08 February 2002

The two films we've seen in the cinema most recently are The Royal Tenenbaums and Gosford Park.

The former was the very quirky, but likable story of a laywer father estranged from his family, an archaeologist wife and three children (a businessman, a playwright, and a tennis player), and how he comes to reconcile with them. The film is amusing and touching, quirky not only in its characters and plot, but even in its cinematography, devices, and sets. While the various characters are at first difficult to identify with in their eccentricities, and the plot appears to be overly disjointed, by the end of the film it all weaves together as we are drawn in by the pain and distance between the family members and their need to experience healing.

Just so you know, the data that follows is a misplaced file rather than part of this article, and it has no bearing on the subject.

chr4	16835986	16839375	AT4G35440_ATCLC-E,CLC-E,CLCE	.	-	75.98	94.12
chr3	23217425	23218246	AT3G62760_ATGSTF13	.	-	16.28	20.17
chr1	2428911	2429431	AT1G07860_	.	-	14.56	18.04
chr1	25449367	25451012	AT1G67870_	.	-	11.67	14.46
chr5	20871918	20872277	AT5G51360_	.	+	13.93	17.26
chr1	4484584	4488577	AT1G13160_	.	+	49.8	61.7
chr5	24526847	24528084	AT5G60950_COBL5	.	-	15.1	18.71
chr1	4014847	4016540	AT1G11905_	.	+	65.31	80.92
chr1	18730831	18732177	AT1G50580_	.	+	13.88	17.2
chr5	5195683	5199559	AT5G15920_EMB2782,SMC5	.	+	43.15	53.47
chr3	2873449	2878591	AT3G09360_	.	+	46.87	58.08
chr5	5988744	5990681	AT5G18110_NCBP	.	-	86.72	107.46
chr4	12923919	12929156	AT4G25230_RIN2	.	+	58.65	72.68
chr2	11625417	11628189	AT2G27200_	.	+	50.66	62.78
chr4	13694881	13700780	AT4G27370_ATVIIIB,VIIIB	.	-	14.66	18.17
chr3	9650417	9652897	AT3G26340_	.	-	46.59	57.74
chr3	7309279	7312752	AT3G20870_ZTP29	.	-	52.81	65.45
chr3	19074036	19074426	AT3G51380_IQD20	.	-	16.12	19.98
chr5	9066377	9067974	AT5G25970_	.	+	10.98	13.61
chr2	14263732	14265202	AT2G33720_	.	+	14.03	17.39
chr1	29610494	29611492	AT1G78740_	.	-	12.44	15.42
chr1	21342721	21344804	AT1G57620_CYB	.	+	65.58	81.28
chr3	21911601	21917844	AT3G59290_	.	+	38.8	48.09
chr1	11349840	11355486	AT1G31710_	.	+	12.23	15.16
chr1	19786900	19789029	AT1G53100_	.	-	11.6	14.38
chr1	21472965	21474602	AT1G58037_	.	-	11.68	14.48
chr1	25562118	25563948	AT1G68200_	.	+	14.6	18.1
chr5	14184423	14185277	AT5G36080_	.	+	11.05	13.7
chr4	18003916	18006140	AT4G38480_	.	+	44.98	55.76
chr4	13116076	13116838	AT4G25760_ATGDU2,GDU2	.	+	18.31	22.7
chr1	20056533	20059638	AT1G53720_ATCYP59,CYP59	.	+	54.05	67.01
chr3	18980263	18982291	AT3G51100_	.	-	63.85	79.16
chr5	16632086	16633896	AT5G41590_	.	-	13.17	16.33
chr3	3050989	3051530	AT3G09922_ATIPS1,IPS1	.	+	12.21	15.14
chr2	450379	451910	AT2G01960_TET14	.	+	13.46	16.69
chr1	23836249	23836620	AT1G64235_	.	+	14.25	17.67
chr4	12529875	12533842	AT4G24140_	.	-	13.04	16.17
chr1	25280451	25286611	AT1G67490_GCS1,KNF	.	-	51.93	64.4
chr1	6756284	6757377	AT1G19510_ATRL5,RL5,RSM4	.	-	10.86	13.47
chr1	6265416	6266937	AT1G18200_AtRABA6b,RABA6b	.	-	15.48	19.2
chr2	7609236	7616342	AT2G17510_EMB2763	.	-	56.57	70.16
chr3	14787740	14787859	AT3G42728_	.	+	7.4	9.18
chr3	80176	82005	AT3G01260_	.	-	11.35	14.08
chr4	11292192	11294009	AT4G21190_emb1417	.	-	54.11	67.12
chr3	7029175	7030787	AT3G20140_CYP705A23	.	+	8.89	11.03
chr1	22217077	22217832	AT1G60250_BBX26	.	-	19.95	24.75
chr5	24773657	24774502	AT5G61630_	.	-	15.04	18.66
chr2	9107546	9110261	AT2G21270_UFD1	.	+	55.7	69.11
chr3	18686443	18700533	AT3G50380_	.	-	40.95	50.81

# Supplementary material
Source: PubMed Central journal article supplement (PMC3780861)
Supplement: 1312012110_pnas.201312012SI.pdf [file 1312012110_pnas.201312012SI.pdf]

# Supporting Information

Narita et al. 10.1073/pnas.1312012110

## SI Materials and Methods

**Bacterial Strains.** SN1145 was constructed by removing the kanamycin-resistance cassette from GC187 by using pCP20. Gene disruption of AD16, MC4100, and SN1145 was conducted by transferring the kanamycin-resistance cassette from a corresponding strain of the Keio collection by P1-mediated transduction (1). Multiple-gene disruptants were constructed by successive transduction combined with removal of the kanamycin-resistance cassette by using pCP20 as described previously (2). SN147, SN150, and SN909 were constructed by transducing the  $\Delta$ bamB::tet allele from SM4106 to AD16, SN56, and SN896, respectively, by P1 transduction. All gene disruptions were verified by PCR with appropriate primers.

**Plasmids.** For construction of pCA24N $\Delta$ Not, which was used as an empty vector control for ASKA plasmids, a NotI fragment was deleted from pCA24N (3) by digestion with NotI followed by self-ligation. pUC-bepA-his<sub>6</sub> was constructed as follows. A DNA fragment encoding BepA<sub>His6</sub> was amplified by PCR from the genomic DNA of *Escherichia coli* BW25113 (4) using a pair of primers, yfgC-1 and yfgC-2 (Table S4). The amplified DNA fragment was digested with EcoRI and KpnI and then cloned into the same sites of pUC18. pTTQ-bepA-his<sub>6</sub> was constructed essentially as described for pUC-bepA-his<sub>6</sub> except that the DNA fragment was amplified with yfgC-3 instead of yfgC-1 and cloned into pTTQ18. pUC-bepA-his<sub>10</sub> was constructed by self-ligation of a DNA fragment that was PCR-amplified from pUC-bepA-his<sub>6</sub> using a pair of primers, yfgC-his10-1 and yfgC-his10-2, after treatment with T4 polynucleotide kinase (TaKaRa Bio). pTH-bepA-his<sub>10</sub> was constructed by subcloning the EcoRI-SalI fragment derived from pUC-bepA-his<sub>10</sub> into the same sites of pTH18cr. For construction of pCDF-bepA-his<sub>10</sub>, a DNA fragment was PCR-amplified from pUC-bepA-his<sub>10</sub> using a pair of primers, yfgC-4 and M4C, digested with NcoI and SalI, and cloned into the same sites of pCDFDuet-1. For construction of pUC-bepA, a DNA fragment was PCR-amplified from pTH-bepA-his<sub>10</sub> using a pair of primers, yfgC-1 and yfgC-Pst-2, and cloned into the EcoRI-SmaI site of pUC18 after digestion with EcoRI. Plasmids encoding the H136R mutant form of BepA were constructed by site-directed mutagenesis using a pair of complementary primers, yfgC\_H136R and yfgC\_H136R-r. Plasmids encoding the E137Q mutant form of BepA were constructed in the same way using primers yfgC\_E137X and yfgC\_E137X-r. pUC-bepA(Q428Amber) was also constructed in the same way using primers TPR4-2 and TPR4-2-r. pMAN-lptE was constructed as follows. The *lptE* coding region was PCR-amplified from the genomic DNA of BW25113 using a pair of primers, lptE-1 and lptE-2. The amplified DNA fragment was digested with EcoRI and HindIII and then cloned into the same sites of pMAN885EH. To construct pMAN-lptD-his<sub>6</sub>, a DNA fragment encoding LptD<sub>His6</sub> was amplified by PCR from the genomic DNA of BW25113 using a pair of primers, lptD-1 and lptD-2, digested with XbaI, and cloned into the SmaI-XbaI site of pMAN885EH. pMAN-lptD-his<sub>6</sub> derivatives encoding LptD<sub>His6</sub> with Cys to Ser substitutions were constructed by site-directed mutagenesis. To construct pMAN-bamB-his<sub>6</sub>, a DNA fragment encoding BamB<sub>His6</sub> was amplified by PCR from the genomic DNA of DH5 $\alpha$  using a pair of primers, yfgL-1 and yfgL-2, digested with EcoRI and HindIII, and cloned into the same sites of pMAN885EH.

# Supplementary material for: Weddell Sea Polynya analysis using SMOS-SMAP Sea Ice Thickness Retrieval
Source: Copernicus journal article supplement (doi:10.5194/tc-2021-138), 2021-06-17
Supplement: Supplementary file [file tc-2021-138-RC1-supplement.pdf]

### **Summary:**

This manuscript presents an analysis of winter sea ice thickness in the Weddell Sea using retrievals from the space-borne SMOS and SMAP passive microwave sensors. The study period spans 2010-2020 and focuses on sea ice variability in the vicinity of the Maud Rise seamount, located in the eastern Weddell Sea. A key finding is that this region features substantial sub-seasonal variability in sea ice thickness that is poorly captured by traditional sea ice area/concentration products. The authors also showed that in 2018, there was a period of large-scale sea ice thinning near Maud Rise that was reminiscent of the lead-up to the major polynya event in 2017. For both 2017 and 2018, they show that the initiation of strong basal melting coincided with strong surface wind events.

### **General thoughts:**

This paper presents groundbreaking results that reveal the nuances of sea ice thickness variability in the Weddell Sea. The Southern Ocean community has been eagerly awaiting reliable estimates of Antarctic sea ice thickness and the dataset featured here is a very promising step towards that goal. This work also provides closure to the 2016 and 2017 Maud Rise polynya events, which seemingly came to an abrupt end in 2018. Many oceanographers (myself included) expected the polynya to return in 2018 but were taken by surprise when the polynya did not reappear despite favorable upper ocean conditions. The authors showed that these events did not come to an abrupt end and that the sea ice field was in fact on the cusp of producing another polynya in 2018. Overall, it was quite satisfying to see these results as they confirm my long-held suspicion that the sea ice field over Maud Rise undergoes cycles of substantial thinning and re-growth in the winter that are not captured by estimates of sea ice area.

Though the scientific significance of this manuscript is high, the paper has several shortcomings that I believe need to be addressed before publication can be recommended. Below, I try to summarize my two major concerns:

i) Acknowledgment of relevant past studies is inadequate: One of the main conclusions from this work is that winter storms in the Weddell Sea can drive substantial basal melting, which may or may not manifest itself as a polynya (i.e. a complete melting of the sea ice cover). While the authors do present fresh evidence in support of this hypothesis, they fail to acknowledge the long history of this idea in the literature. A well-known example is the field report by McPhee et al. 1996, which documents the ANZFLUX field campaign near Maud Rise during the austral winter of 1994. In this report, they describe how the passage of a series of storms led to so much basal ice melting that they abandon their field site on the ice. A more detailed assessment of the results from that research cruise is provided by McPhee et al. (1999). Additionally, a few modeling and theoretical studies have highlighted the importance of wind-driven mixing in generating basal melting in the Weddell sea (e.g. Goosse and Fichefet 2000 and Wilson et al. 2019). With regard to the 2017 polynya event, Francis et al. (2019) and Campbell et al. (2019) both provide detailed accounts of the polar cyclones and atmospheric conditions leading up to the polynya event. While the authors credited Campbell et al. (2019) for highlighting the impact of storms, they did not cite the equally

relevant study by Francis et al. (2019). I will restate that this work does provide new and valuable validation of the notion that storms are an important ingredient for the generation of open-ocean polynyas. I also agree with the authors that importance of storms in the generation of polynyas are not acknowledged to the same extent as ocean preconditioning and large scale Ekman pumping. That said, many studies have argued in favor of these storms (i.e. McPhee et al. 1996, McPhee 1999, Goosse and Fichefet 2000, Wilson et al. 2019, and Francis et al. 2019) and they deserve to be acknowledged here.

The latter film is a very well-acted murder mystery and comedy of manners set in a upper-class English household of the 1930s, seen from the perspective of the servants. It is suspenseful and illuminating with regard to British class relations of an earlier era and with regard to the kinds of abuse to which men in power are prone. The mystery of the film moves from the typical "who-done-it" to "why" and therein lie the central themes. In addition to many marvelous performances by a number of seasoned British actors, the script is both smart, funny, and insightful.